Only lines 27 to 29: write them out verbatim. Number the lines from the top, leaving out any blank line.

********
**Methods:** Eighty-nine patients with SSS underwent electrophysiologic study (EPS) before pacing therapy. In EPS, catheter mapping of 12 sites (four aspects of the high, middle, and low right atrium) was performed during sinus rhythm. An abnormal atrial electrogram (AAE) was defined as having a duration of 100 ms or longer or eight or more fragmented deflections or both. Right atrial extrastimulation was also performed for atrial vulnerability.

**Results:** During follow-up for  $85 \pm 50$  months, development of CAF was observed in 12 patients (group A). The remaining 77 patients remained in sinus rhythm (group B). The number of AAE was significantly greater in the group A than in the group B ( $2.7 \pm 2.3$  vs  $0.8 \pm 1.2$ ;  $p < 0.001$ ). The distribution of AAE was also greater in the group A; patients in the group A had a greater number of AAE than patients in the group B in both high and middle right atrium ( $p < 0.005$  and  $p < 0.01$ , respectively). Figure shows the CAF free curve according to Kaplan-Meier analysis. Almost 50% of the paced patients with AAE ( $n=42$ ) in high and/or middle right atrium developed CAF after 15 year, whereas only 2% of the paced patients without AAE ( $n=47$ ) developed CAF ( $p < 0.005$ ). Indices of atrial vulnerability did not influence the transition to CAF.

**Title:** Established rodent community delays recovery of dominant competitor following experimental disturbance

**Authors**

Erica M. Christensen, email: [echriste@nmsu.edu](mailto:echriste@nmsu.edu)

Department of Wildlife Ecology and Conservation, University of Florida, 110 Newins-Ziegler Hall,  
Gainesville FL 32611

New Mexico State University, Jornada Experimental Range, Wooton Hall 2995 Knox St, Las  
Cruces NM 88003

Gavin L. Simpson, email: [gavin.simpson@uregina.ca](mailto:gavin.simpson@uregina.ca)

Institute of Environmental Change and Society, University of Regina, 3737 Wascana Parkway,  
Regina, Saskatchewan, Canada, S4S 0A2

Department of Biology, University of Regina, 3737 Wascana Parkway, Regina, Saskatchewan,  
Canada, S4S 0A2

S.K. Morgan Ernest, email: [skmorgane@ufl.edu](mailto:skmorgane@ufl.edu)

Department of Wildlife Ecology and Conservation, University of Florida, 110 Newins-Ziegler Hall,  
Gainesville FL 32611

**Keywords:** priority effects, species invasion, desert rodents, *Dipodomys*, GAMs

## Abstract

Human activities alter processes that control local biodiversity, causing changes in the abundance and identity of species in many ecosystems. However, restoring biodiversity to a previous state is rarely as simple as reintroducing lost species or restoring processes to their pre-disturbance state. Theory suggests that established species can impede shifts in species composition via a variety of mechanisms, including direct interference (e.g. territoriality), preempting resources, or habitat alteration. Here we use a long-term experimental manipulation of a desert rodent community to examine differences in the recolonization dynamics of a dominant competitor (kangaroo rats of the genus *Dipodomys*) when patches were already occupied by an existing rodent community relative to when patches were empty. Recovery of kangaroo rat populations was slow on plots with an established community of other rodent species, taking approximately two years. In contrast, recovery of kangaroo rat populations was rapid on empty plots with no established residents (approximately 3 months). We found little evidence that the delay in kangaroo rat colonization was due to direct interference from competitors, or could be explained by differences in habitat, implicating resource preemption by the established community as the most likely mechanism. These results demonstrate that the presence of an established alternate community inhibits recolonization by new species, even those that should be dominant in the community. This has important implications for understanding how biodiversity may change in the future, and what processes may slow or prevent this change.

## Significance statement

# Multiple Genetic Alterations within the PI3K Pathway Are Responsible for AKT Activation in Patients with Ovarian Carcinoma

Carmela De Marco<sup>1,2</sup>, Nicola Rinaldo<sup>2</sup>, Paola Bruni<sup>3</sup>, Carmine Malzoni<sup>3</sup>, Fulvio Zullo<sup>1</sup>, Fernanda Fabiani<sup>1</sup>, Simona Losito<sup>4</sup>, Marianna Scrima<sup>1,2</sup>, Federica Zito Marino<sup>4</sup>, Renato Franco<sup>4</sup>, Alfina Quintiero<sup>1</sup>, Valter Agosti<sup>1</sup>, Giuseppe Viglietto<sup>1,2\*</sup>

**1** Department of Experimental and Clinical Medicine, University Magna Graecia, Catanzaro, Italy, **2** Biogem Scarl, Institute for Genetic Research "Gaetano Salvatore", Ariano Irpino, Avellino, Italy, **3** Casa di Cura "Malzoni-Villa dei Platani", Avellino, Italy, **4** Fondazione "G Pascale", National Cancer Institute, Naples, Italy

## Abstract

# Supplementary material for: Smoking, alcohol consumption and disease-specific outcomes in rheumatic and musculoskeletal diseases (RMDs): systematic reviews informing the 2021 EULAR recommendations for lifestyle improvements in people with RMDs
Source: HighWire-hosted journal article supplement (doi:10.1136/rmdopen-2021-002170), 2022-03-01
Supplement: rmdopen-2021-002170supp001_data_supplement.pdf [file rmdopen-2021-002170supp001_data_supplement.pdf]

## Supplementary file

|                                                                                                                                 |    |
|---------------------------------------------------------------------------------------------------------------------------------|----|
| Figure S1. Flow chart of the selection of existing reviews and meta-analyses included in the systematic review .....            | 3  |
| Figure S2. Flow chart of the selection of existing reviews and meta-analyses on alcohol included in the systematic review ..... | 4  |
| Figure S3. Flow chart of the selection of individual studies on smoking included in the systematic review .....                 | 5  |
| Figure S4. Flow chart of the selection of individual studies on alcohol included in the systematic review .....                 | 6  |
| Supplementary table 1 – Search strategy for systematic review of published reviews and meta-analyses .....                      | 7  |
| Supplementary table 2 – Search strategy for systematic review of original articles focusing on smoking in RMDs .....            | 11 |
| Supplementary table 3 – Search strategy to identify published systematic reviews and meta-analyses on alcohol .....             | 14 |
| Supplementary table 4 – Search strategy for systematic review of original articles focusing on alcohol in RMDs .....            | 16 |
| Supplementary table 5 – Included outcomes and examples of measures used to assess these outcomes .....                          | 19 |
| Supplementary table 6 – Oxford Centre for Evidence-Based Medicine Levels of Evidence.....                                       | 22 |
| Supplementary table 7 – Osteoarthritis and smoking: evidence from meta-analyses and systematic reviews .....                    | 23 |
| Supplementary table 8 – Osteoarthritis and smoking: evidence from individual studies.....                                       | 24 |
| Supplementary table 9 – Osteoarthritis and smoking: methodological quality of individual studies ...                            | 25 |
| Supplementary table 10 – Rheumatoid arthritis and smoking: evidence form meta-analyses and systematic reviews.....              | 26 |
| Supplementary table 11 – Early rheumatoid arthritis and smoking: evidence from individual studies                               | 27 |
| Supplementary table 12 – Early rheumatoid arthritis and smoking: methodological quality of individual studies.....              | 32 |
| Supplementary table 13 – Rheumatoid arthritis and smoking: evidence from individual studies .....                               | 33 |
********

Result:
Source: HighWire-hosted journal article supplement (doi:10.1136/rmdopen-2021-002170), 2022-03-01
Supplement: rmdopen-2021-002170supp001_data_supplement.pdf [file rmdopen-2021-002170supp001_data_supplement.pdf]

## Supplementary file